Sean Hackbarth Sean Hackbarth
Senior Editor, Digital Content, U.S. Chamber of Commerce


March 13, 2017


You may have noticed a new line on your restaurant bill—a labor surcharge [subscription required]:

In lieu of steep menu price increases, many independent and regional chain restaurants in states including Arizona, California, Colorado and New York are adding surcharges of 3% to 4% to help offset rising labor costs. Industry analysts expect the practice to become widespread as more cities and states increase minimum wages.

“It’s the emerging new norm,” said Sharokina Shams, spokeswoman for the California Restaurant Association. She said California restaurants are adding surcharges as the state lifts the minimum wage every year until it reaches $15 an hour by 2023. It is currently at $10.50 an hour for employers with 26 or more workers.

The federal government hasn’t raised the minimum wage of $7.25 an hour since 2009, putting pressure on cities and states to boost wages locally to keep up with rising living costs. The effective minimum wage has increased in 27 states and Washington, D.C., since January 2014.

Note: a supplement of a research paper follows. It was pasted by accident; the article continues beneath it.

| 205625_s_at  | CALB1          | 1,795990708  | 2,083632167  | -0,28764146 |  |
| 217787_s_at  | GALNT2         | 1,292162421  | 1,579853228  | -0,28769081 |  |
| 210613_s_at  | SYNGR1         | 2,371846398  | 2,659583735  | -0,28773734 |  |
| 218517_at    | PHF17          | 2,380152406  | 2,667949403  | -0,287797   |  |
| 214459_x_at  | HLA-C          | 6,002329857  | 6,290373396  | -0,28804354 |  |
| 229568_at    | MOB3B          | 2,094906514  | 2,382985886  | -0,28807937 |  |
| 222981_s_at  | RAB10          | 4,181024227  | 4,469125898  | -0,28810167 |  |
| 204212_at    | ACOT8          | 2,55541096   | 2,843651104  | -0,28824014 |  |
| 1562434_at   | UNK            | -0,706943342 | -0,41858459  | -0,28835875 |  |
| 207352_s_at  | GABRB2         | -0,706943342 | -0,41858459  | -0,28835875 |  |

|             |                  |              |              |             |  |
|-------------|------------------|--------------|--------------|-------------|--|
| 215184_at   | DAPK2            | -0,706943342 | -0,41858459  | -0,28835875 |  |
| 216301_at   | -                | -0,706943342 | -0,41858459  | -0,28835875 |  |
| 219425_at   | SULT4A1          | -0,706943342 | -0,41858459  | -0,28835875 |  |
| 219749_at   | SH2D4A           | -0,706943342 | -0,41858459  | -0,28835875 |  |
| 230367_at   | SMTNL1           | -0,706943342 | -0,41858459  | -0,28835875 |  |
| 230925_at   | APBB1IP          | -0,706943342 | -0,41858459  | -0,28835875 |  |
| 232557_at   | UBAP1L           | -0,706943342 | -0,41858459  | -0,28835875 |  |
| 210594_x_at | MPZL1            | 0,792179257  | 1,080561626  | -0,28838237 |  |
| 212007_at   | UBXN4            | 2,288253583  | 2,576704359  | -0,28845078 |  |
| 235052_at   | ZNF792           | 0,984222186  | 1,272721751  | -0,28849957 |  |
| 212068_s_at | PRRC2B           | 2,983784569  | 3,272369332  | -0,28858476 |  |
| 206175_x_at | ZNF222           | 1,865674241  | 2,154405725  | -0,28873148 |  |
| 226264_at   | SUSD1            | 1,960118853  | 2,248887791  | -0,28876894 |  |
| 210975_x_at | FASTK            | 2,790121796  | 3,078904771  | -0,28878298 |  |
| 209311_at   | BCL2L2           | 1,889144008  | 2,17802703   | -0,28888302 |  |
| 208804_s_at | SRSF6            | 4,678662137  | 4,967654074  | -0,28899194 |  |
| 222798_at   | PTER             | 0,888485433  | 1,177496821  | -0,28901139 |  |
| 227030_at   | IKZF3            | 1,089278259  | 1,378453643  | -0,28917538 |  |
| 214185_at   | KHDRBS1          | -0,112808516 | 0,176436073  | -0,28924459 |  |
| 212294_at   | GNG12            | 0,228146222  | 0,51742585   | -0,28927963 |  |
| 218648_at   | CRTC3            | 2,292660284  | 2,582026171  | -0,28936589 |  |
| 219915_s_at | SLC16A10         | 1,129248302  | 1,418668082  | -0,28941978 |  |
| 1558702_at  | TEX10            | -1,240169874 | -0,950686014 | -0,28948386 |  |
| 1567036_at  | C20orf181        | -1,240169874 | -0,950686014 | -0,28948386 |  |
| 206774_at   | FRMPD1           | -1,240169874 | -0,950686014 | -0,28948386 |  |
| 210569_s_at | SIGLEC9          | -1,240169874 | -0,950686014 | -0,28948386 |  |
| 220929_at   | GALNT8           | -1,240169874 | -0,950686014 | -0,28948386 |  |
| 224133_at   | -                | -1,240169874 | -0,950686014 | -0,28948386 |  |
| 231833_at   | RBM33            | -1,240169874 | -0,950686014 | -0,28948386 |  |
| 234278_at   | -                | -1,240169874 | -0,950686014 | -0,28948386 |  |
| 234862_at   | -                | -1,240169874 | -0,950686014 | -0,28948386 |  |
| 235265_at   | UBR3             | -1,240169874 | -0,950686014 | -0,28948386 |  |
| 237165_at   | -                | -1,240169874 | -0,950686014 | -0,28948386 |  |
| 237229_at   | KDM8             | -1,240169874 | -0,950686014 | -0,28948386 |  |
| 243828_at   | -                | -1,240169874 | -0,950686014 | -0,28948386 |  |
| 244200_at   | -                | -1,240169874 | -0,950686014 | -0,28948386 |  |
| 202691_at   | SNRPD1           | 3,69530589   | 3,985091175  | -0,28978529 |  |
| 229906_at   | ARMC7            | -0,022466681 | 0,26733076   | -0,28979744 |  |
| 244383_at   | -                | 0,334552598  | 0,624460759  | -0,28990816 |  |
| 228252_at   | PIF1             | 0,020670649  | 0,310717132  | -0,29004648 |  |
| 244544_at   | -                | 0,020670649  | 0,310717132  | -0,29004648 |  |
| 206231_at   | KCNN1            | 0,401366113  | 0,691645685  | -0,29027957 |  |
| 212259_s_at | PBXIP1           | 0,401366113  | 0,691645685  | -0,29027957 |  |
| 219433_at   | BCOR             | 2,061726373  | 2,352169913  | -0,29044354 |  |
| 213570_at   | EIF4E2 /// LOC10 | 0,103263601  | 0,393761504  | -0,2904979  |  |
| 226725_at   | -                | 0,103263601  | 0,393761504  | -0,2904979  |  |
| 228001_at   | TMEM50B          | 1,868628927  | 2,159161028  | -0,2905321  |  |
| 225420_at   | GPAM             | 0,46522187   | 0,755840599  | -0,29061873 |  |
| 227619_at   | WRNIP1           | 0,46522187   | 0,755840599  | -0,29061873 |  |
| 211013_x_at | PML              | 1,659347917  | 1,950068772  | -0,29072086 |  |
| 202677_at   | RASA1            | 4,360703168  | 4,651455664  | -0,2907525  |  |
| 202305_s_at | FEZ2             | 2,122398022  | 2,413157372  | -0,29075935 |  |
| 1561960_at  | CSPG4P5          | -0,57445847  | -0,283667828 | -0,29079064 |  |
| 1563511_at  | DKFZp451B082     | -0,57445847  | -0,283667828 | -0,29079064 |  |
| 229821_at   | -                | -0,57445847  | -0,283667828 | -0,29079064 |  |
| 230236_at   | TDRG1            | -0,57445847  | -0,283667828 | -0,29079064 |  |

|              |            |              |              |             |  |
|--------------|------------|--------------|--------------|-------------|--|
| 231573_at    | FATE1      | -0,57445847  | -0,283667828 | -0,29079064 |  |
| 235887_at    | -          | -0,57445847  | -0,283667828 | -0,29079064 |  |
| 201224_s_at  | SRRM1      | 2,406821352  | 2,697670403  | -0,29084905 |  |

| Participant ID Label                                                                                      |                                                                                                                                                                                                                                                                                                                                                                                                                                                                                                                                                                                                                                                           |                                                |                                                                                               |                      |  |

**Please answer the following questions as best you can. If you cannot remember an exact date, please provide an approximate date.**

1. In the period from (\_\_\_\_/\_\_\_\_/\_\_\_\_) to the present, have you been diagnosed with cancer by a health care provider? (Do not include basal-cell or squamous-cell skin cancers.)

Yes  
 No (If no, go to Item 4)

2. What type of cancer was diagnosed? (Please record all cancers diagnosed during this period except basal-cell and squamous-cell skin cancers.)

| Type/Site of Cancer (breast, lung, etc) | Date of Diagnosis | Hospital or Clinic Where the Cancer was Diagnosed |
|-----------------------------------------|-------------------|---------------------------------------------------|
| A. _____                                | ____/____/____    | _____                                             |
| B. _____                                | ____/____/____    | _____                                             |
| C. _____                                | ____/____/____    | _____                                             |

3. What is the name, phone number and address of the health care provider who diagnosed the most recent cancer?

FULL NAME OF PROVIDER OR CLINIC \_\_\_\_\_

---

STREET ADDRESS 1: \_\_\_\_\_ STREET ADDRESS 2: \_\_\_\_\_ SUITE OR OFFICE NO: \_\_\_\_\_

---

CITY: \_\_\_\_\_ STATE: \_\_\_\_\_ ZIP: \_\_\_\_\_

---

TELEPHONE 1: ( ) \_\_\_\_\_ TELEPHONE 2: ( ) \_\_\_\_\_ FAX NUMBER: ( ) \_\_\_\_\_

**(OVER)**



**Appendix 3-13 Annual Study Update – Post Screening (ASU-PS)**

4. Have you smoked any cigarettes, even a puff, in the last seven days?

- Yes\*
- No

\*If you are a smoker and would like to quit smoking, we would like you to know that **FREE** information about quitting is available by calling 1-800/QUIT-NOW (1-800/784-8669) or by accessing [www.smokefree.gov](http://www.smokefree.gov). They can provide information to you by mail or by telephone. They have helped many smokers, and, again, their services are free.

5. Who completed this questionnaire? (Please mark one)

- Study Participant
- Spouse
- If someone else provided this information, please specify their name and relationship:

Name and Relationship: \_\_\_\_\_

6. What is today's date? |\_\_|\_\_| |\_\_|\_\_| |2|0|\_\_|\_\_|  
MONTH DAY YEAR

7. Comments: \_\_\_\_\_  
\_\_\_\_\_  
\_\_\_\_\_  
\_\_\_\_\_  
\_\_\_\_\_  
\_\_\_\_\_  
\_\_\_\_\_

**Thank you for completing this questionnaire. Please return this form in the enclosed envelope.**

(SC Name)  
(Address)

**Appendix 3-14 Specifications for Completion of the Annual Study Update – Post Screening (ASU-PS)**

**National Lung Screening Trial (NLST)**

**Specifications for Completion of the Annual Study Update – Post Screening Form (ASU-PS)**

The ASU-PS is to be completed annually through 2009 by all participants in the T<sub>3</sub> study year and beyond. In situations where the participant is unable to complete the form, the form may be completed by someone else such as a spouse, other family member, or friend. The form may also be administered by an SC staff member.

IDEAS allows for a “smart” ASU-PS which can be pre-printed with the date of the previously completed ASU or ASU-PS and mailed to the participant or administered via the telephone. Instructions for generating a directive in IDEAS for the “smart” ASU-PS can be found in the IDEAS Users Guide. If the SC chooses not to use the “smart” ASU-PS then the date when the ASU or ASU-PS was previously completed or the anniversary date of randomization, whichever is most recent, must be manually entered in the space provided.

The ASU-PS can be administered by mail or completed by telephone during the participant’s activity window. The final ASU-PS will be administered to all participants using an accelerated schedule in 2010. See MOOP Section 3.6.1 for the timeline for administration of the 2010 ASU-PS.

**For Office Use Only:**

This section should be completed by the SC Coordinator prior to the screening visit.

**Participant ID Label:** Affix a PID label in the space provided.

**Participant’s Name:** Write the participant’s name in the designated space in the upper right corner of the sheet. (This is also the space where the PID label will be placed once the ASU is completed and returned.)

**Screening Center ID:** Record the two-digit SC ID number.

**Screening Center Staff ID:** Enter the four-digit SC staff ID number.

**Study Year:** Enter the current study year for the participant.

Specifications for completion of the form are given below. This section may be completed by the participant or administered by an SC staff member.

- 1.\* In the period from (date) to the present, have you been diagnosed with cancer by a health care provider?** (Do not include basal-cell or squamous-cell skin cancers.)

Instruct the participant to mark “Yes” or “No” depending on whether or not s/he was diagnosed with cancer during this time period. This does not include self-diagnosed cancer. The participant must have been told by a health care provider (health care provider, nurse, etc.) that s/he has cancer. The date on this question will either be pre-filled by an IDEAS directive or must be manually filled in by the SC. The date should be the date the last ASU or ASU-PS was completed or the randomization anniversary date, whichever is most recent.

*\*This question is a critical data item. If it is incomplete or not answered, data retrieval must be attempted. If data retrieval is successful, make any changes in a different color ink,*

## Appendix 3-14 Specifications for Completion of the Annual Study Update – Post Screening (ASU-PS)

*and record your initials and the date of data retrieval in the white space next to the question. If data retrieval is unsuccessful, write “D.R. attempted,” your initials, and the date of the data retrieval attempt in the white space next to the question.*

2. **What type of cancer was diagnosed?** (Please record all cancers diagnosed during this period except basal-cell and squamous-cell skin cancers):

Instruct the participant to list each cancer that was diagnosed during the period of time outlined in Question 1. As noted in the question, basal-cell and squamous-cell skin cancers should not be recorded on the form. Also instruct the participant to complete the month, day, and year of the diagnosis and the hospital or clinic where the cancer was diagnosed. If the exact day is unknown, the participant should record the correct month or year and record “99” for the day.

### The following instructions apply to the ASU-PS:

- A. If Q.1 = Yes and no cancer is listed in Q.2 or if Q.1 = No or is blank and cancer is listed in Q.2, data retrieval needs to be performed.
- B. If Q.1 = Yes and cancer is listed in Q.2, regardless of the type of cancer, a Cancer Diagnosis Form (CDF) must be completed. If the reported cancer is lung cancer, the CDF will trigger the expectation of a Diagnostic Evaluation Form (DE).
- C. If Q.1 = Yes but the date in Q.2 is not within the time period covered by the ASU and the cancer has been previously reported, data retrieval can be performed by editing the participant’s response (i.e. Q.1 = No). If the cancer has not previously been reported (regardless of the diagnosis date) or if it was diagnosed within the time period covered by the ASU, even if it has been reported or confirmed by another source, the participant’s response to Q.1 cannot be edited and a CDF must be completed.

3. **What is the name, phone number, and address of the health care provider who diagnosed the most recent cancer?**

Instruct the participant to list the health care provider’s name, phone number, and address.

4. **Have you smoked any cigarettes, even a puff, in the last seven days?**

Many restaurant owners say they have added surcharges because jacking up menu prices can turn off customers who are sensitive to how much a sandwich or bowl of soup should cost. When prices do rise, “consumers often trade down in the types of menu items they order, choosing a sandwich instead of an entree, or they leave off beverages or dessert,” said Bonnie Riggs, restaurant analyst for NPD Group Inc.

This is a good reminder that customers often foot the bill in the form of higher prices. For instance, Chipotles in San Francisco raised burrito prices in response to a minimum wage increase in 2015.

Advocates for higher minimum wages push a myth that businesses have a magic pot of money lying around. They mistakenly believe businesses can afford the higher wage by pulling money out of that pot.

But restaurant owners know better. There is no hidden stash of cash. With profit margins in the single digits, even seemingly small labor cost increases can push a profitable business into the red.

About the authors

Sean Hackbarth

Sean Hackbarth

Sean writes about public policies affecting businesses including energy, health care, and regulations. When not battling those making it harder for free enterprise to succeed, he raves about all things Wisconsin (his home state) and religiously follows the Green Bay Packers.

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